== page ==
Pakistani officials say at least five people have been killed in a suspected U.S. missile strike along the Afghan border.
Security officials say the strike occurred Friday in the Gurwak village of the North Waziristan tribal area. While some officials said those killed were suspected militants, others said that civilians were killed - including women and children.
Witnesses said they saw drone (unmanned) aircraft flying above the village before the attack. Pakistan army spokesman Major General Athar Abbas said he had received reports of the blast.
On Thursday, Pakistani officials said another suspected drone missile strike had hit a home in North Waziristan's Mohammad Khel area, killing four militants.
It was not immediately clear who was responsible for both blasts. But the United States has used drones to target militants along Pakistan's border with Afghanistan in the past.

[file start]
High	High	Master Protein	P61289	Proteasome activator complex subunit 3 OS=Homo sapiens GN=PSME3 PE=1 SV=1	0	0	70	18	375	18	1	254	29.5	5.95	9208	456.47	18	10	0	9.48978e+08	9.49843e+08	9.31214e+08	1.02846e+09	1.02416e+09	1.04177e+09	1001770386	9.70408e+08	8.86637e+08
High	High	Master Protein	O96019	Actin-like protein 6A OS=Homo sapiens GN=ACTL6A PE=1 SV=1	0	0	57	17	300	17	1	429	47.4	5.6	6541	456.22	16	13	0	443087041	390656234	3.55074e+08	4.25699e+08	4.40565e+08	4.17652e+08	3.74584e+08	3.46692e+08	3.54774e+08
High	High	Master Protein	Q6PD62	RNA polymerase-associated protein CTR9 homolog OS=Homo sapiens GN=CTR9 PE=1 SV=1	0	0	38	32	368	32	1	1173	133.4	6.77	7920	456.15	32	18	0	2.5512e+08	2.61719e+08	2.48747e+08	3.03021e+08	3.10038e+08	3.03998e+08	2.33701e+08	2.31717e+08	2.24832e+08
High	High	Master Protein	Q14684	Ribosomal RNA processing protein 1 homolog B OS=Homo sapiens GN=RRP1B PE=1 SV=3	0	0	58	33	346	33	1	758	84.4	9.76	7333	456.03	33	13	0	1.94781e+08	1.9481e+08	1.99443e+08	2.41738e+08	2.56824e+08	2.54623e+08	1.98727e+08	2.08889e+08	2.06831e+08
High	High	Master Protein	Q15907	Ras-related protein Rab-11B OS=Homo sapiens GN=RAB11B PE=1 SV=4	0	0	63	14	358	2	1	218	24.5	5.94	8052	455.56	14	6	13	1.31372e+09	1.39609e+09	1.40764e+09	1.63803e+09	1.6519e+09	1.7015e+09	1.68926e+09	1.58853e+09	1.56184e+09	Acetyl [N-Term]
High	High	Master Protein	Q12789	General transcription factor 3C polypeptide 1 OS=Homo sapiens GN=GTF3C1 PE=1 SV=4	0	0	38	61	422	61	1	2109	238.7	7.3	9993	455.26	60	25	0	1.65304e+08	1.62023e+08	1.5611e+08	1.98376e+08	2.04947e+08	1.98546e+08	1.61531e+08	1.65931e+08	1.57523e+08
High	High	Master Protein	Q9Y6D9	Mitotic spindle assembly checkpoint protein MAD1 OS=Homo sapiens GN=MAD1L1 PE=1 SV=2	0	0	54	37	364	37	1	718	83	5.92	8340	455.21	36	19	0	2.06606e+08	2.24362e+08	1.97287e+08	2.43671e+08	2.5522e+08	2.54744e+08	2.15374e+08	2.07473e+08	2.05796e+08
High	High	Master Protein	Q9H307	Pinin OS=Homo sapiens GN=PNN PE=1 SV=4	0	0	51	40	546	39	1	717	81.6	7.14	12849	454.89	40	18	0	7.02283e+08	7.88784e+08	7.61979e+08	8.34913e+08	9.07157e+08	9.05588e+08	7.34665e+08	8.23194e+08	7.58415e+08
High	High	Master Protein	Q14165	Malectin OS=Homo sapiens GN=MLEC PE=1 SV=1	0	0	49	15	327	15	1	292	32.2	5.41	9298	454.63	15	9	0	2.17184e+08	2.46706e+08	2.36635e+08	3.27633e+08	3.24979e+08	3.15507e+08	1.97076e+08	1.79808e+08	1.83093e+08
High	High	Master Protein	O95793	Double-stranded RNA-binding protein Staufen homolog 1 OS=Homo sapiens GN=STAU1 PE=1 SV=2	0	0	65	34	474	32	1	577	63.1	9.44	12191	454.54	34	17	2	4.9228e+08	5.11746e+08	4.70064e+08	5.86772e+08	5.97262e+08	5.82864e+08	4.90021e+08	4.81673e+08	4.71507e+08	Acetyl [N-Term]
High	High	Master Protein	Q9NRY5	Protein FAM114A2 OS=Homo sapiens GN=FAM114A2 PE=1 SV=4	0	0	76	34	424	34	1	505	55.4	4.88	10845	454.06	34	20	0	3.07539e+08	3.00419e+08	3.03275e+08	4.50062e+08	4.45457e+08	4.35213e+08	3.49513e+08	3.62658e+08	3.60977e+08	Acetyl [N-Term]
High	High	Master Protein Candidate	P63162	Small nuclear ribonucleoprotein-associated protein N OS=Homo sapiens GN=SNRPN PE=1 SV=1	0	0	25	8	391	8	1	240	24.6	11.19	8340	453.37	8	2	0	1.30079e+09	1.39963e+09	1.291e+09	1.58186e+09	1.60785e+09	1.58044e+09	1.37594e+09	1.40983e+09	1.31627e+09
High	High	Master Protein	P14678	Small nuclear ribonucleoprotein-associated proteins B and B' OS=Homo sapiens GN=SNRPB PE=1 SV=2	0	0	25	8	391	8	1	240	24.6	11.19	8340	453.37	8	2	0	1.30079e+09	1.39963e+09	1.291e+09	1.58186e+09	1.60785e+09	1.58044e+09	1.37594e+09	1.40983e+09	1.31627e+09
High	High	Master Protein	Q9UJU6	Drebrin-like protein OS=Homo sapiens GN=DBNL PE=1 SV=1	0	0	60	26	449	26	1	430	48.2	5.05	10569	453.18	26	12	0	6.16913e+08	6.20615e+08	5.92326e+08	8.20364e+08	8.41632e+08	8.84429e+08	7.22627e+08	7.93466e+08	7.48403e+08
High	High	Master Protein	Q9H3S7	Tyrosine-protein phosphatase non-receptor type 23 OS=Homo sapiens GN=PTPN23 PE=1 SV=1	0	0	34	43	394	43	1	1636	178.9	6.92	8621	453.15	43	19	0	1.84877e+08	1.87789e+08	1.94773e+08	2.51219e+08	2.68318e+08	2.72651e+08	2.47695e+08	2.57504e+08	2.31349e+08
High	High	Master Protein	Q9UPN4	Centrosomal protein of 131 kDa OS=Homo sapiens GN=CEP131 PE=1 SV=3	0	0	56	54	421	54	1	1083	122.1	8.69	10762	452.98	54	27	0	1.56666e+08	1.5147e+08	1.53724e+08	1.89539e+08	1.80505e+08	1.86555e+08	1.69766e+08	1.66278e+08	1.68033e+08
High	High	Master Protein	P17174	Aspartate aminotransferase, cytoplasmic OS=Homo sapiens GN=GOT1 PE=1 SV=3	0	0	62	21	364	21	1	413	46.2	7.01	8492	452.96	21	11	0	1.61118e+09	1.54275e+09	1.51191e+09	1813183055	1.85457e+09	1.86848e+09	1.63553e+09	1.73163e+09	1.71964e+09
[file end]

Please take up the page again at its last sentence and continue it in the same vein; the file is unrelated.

Pakistan's foreign minister formally complained to the United States about a suspected U.S. attack on another target near the Afghan border.
Details about that raid, which took place Wednesday in a village in South Waziristan, are still not clear. U.S. military sources, speaking on condition of anonymity, told Western media that American troops based in Afghanistan carried out the operation.
Pakistani officials say at least 20 people, including women and children, were killed in the pre-dawn assault involving helicopter gunships and ground troops.
The White House has declined to comment on the incident, but today the White House press secretary, Dana Perino, said the United States respects Pakistan's sovereignty and is working with the new government to fight terrorism.
Violence has been on the rise for months in eastern Afghanistan. U.S. commanders say safe havens in Pakistani tribal areas have given militants space to re-arm and plan attacks.
Some information for this report was provided by AFP, AP and Reuters.